The PB Army - Spine For The Snapback - Sin Klub Entertainment 2005
12 Songs
Running Time: 44:58

The band cranks this rusty tractor to the sound of 'Trouble In The Woodshed', a dirty little barrelhouse blues number that rocks like Five Horse Johnson with the trucker speed shakes. 'A Hole In The New Leaf' and 'Dying On The Starting Line' are a weird pair, considering the more gritty tone of 'Trouble...', in that they find The PB Army spending time plundering Queens Of The Stone Age's more recent output, which leaves them sounding like a more pissed-off Foo Fighters. It was with these two songs, and the catchy-as- Hell 'Moderation', that I began to see the light. There are two entities at work within the body that is The PB Army. One is that of John Lee Hooker, MC5, and the countrified stream-of-consciousness found in Clutch, Paw, and Mule. The other is more...not so much "radio-friendly" as "user-friendly", if you get my drift. Strangely, it's when these two end up fighting for prominence in the same song that The PB Army really catch fire. Case in point being the blistering 'Viva Los Alamos'. Charged with a fatalistic humour, and revelling in it's own demise, this song will ignite more bars than a Great White reunion tour. 'Martyr Bound' howls like a swamp banshee while the lethargic groove does the Sasquatch stomp all over your aural senses. Initiating a false sense of sobriety, half of 'Martyr Bound' is an instrumental - time to reload the pipe and knock back a shot before the aneurysm-inducing fury of 'Bringing A Knife To The Gunfight'. If the two spirits possessing The PB Army were fighting to be heard before, this song finds them after a full head-on collision, bludgeoning each other with pieces of the wreckage. Problem is, I could see this much musical schizophrenia being a detriment to those suckered in by the QOTSA-inspired catchiness of songs like 'Moderation'. Honestly, though, if all it takes is a little insanity to put you off, The PB Army is Not The Band For You. 'The Five Nines' swaggers like Clutch on a pirate ship, but 'A Temporary Absence' is just...there. I mean, it's not "bad", just "blah", which can sometimes be worse. The battle for the soul of The PB Army continues in 'Ate A Lie', the verses being a bit too nasal in delivery, reminding me unnecessarily of early 90s "punk", before slamming into a chorus reminiscent of the much-missed Floodgate, and injecting a bit of power metal riffery just for kicks. The PB Army end things where they started with the full-bore dirty-ass groove of 'Sanguine', and finish the album on a high note indeed.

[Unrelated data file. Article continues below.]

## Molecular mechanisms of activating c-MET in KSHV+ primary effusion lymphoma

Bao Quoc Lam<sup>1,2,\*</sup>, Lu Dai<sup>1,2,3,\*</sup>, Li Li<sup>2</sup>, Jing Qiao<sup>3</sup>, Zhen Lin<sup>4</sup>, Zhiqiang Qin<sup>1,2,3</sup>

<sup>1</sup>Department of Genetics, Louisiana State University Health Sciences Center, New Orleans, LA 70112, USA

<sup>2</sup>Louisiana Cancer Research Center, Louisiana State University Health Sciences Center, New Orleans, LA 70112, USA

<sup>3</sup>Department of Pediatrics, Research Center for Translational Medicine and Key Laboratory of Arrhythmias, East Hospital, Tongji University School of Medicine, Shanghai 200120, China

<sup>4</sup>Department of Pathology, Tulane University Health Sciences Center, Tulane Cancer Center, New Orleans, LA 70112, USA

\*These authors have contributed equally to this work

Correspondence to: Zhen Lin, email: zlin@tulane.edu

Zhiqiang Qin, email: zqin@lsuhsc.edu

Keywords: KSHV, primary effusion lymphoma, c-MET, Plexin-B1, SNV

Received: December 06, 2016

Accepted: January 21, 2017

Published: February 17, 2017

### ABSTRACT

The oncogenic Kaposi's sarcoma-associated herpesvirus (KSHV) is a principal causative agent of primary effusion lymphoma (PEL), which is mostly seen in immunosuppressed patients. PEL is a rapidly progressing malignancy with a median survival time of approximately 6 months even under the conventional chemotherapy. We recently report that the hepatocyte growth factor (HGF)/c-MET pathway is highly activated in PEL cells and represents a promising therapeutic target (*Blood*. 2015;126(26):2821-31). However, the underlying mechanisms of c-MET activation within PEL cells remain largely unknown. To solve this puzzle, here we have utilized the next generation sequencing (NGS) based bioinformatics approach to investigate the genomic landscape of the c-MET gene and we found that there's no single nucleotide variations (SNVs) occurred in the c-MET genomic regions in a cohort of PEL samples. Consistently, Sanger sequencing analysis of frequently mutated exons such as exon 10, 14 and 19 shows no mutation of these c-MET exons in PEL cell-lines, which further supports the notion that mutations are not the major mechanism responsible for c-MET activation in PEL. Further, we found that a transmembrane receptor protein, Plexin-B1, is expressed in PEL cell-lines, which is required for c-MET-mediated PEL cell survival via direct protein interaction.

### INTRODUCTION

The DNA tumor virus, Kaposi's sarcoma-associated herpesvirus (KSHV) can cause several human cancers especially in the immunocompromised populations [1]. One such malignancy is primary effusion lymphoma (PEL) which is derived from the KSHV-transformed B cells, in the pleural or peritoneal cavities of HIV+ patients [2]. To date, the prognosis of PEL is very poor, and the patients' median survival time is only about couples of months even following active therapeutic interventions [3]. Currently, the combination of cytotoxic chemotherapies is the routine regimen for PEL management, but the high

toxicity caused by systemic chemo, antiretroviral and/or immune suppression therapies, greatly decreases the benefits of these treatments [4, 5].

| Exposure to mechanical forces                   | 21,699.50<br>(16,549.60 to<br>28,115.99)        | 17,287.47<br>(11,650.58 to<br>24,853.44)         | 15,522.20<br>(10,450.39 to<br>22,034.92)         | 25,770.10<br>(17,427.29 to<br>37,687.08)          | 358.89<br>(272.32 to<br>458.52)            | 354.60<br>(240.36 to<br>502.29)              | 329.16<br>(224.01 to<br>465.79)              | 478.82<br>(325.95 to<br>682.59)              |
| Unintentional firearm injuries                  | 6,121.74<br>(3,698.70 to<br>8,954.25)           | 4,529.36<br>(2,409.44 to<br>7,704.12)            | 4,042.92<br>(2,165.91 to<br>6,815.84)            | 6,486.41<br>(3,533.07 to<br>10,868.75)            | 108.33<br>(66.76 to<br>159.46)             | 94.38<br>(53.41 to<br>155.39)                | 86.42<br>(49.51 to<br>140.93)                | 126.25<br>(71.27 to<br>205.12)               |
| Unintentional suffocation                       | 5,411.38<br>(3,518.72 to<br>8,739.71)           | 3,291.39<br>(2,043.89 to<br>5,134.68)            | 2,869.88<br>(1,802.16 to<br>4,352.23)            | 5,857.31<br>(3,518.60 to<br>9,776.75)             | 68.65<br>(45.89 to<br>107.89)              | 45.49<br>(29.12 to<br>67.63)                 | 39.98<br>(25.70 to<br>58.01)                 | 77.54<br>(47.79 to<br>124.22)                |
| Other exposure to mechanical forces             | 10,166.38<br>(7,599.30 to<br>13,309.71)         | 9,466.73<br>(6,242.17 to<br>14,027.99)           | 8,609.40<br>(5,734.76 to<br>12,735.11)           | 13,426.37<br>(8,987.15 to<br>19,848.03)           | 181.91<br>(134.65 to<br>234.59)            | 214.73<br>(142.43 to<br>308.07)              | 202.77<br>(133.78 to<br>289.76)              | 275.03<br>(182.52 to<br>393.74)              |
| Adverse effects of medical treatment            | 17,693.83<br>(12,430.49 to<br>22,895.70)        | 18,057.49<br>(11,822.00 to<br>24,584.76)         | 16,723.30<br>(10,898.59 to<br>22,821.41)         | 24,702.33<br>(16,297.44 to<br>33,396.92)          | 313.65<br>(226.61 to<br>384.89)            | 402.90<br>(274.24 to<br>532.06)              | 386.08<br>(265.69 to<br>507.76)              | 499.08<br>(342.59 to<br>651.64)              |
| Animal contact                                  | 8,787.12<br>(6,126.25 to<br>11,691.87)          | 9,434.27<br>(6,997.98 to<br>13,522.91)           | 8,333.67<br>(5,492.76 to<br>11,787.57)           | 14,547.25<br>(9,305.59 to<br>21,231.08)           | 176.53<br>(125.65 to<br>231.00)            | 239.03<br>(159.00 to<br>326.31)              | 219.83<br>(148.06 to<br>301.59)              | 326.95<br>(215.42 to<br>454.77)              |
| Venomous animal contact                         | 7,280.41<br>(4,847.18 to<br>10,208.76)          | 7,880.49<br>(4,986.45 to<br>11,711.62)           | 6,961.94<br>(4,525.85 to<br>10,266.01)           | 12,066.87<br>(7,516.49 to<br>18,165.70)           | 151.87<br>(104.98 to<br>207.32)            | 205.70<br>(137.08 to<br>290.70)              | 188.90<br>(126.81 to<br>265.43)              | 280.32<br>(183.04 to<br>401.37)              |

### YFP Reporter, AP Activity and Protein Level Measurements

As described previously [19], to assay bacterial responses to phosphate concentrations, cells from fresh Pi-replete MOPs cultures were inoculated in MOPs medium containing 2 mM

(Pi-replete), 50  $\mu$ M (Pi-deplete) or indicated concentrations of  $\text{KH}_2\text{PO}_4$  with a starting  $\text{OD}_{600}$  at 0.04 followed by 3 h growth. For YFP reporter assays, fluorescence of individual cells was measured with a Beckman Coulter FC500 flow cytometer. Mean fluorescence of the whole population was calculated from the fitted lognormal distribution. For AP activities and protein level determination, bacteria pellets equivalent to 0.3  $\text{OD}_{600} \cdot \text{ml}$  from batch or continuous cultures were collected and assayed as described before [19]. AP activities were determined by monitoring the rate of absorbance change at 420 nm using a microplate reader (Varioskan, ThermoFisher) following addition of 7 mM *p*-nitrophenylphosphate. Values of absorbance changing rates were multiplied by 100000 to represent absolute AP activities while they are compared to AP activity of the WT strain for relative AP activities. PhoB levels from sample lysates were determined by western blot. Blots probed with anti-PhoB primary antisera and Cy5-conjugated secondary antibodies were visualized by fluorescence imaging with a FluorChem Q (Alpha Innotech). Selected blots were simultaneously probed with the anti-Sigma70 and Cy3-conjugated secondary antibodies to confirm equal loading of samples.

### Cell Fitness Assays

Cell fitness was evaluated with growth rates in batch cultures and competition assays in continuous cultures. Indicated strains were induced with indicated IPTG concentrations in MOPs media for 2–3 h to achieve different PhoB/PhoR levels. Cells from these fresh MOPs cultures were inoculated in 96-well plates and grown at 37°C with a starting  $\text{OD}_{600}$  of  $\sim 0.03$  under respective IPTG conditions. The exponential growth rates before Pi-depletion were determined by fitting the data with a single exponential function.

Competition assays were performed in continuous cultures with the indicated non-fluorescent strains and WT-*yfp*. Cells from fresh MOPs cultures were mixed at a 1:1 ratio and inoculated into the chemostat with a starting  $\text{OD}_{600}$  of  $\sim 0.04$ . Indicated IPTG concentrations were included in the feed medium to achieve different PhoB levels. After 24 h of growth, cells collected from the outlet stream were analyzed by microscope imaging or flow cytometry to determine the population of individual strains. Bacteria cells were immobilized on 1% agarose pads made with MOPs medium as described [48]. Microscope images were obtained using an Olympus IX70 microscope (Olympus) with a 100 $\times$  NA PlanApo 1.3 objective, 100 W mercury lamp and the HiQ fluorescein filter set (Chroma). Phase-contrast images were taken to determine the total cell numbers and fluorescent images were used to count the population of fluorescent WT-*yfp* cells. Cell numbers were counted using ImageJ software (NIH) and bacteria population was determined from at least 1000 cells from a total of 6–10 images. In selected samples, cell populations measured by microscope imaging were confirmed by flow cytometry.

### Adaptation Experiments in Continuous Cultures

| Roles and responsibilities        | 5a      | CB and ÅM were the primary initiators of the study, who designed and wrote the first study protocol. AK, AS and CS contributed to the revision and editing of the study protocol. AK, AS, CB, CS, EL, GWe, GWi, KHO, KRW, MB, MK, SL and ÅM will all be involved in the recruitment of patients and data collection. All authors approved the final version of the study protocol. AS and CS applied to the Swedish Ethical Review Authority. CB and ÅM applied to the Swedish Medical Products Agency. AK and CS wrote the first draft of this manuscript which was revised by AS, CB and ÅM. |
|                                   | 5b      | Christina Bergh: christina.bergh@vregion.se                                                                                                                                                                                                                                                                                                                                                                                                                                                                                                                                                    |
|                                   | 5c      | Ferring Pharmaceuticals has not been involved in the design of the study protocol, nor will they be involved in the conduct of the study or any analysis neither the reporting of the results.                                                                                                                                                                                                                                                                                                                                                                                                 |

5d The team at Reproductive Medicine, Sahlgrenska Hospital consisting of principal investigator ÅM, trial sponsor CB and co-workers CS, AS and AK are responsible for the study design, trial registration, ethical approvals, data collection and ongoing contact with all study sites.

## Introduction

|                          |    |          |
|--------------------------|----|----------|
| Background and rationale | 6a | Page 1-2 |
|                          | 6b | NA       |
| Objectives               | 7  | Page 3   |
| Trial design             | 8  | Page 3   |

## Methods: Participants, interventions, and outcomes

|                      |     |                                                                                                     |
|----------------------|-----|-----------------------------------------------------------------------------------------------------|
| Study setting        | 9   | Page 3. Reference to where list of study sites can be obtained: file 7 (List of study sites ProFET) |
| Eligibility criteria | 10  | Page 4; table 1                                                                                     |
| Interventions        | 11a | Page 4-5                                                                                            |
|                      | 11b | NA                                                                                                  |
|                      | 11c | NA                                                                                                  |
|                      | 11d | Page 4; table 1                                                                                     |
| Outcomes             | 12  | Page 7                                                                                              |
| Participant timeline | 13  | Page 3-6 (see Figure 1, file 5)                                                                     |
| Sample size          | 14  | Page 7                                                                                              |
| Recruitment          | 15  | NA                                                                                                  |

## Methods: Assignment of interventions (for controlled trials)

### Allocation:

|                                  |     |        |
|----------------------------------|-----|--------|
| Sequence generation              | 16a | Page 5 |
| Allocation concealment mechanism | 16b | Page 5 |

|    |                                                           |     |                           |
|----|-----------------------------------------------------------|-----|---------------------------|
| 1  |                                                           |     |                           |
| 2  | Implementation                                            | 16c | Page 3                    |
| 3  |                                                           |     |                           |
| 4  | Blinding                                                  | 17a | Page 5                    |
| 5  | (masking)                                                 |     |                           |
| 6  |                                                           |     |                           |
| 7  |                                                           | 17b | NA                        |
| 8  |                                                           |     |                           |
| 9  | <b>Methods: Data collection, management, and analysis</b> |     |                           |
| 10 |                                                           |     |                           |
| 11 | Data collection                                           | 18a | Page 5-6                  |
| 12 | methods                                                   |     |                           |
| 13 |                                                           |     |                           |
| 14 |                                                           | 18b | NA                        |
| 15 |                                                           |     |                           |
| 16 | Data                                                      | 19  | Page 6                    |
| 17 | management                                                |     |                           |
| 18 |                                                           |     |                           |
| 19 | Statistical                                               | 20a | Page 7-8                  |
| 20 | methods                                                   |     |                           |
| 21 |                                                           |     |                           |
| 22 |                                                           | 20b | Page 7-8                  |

It's a mixed bag, this one, but it's full of trickery, drunken hi-jinks, and outright shenanigans. With eight of the twelve songs being at least "good", and at least a couple of those being "damn good", Spine For The Snapback is the perfect album to clear out the hangers-on when they can't take the hint to go the fuck home and make way for the real partiers.

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